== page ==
Dalmatian Training Guide
One of the first things you should know about Dalmatians as a breed is that they are very friendly and playful animals, and love to be with you and around you most of the time.
We urge you to use this natural tendency in training your pet and getting them comfortable in their new home, but do not rely on their great personality alone.
The Dalmatian, if left alone for a long time, can become destructive, not because they turn mean but because their natural energy and playfulness pushes them to stay active and involved in something.
Dalmatian Training Guide
With this in mind, most owners will find that the Dalmatian is quite easy to housebreak and train to follow basic rules. They can be wonderful companions to children, especially if the breeder has made the effort to socialize them properly.
Their medium size and general sturdiness allows them to play and romp with family members without risk of serious injury to either the dog or the person. However, as with all dogs, some limits should be set so that your puppy will know from the start that some things are fine and others are not.
Dalmatians are very intelligent and willing to learn, if the owner uses firm and consistent methods. However, the breed is naturally sensitive, meaning it does not respond well to physical punishment. Prevention in housebreaking and other training is always the best method with this breed.
One misconception about Dalmatians is that they are “hyper” dogs, but this is because people mistake the breed’s natural energy and playfulness as hyperactivity. If you will spend a good amount of time with your new dog and make sure that outside exercise is part of the daily routine, you should not have to be worried about an overactive pet.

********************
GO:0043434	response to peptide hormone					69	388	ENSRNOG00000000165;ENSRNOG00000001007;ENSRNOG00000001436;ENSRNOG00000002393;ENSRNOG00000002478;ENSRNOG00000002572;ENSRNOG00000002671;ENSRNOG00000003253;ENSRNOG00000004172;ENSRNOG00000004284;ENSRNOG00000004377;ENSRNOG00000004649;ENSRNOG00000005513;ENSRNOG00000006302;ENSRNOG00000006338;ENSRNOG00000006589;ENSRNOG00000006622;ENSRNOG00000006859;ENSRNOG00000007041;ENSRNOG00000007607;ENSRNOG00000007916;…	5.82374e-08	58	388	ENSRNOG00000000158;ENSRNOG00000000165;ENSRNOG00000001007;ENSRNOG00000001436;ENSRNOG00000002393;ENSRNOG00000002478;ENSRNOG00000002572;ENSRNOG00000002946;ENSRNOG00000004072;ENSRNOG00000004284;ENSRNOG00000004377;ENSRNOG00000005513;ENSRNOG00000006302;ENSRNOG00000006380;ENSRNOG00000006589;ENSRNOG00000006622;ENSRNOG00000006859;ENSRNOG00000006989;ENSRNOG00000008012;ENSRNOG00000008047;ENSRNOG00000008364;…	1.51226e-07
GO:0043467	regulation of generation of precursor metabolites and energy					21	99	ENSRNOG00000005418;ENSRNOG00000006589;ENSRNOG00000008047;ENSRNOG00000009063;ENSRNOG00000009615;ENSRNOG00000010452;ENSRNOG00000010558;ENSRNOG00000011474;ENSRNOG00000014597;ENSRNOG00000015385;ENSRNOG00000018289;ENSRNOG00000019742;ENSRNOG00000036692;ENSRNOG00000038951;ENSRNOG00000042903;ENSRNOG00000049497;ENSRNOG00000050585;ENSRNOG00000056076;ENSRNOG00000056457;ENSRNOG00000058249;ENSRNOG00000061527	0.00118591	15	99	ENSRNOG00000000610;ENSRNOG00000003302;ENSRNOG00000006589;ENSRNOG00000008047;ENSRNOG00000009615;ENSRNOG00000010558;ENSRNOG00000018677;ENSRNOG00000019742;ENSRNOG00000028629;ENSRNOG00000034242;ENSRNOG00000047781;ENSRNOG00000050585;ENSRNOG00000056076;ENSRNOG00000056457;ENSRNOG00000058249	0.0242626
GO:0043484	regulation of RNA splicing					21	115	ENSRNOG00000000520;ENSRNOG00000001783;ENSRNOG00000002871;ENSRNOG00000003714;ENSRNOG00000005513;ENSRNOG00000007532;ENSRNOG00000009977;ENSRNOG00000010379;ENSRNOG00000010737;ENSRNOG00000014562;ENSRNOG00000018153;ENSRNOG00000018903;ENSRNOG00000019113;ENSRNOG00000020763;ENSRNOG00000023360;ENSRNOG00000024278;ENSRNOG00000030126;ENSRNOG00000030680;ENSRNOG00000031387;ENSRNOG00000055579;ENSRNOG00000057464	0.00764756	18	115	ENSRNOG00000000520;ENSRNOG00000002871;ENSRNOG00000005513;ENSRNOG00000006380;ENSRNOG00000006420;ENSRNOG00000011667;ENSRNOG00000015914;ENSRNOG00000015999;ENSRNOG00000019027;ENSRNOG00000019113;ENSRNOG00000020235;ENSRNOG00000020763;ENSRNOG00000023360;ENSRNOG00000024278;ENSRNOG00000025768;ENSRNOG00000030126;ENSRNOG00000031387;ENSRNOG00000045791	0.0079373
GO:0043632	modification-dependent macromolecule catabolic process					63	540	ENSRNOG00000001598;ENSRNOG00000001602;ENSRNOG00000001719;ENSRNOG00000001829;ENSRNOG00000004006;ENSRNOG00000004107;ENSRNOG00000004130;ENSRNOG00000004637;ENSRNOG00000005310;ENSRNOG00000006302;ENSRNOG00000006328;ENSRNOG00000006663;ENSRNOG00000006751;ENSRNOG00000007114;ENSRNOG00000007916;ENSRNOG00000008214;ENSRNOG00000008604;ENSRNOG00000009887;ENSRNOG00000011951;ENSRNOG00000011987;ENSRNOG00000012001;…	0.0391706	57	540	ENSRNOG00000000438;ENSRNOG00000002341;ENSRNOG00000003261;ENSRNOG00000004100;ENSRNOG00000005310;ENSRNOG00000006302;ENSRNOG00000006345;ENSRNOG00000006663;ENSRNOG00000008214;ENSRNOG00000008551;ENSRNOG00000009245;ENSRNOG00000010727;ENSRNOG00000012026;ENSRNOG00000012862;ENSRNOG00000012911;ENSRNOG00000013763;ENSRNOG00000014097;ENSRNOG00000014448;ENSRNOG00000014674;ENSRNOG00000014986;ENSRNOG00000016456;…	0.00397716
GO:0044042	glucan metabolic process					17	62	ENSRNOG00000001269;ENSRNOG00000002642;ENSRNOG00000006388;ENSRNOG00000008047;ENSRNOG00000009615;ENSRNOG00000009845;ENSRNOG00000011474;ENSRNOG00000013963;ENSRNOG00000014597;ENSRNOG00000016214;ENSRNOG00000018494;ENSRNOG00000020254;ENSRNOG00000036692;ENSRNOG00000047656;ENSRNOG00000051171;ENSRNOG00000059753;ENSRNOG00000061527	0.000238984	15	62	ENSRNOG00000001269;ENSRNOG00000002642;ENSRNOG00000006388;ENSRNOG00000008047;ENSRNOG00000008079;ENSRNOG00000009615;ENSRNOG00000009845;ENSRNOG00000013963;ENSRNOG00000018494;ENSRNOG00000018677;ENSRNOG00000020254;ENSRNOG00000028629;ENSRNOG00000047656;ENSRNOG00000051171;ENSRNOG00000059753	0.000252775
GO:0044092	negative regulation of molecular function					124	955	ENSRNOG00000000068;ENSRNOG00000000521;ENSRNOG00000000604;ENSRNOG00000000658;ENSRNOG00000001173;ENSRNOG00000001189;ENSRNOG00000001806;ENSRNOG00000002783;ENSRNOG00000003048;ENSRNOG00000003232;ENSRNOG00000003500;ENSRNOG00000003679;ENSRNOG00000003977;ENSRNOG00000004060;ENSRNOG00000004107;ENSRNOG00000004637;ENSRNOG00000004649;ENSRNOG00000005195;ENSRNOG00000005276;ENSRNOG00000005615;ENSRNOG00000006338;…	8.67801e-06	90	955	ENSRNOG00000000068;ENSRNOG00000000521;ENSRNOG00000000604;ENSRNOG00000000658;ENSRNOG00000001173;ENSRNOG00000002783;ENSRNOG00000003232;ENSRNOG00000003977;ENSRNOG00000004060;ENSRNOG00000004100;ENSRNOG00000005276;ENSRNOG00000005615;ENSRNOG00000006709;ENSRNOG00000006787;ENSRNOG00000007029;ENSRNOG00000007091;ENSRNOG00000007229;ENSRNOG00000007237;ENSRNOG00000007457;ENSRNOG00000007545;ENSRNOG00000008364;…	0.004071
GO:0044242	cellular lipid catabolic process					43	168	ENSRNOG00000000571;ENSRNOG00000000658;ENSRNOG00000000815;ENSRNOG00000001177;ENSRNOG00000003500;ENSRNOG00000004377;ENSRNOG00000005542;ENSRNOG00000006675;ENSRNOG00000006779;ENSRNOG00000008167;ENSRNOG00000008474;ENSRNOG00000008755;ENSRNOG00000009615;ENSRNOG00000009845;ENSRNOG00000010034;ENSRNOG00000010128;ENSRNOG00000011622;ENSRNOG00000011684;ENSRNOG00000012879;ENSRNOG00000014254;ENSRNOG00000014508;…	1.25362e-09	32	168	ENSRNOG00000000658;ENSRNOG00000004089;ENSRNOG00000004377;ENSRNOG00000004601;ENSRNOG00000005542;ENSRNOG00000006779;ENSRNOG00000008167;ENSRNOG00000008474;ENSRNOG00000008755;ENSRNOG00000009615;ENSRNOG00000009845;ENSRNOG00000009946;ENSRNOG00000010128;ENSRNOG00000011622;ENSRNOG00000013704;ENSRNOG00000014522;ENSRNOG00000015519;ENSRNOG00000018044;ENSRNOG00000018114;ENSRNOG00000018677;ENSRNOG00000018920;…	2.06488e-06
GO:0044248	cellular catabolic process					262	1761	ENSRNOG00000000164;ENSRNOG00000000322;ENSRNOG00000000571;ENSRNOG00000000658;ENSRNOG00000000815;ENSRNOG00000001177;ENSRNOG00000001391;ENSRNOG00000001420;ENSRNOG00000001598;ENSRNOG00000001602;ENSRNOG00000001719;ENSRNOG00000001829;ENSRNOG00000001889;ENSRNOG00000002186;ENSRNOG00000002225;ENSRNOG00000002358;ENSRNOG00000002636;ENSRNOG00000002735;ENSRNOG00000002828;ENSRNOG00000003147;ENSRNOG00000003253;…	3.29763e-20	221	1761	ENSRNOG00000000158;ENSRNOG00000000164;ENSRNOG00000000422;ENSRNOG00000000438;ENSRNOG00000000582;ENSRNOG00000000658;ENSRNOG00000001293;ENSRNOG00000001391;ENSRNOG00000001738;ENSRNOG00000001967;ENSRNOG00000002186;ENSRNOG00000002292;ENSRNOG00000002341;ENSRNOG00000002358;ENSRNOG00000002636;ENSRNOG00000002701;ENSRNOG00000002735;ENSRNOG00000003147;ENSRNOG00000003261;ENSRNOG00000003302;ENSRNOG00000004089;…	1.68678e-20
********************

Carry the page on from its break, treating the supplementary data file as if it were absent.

Dalmatians have the lean, sturdy lines similar to pointers and other working dogs and have excellent endurance. They were bred to work with their owners and have always been quite comfortable around horses and horse drawn vehicles.
For this reason, they are not great yard dogs, to be left alone to entertain themselves and lay about, because they want to be involved with people and even other animals. Males can sometimes be aggressive toward other male dogs, but in general, they are comfortable with other dogs if they were properly socialized at a young age. Dalmatians make good watchdogs and have a strong, distinctive bark that will help in this task.
One of the keys in training a Dalmatian is to use positive reinforcement. The breed can be trained to a high degree of obedience and agility but not when using pain such as jerking or pulling. One trainer emphasizes a toy or treat, as a motivator and has excellent results with Dalmatians because, as a breed, they are eager to please and enjoy learning.
Using a simple sound or word as part of this reinforcement seems to be the best way to train the Dalmatian to respond to verbal commands. A program such as a “puppy kindergarten” should work well for your Dalmatian, as long as the emphasis is on positive response and not on physical punishment.
If you decide to enroll in obedience training with your Dalmatian, it is best to use only a loose lead and to go beyond simple walking and heeling as soon as possible. The Dalmatian is usually a quick learner, responding to higher levels of training if the method is consistent and the experience is positive.
Dalmatians are said to have a long memory and can recall harsh treatment for a long time after it happens. Make the learning a good experience for you and for your new pet and you will have many great times with this wonderful breed.
Read More About Dalmatian
- Dalmatian Breed Information
- Dalmatian : 10 Most Common Questions
- Dalmatian Health Guide
- Owning a Dalmatian : Breeder Recommendations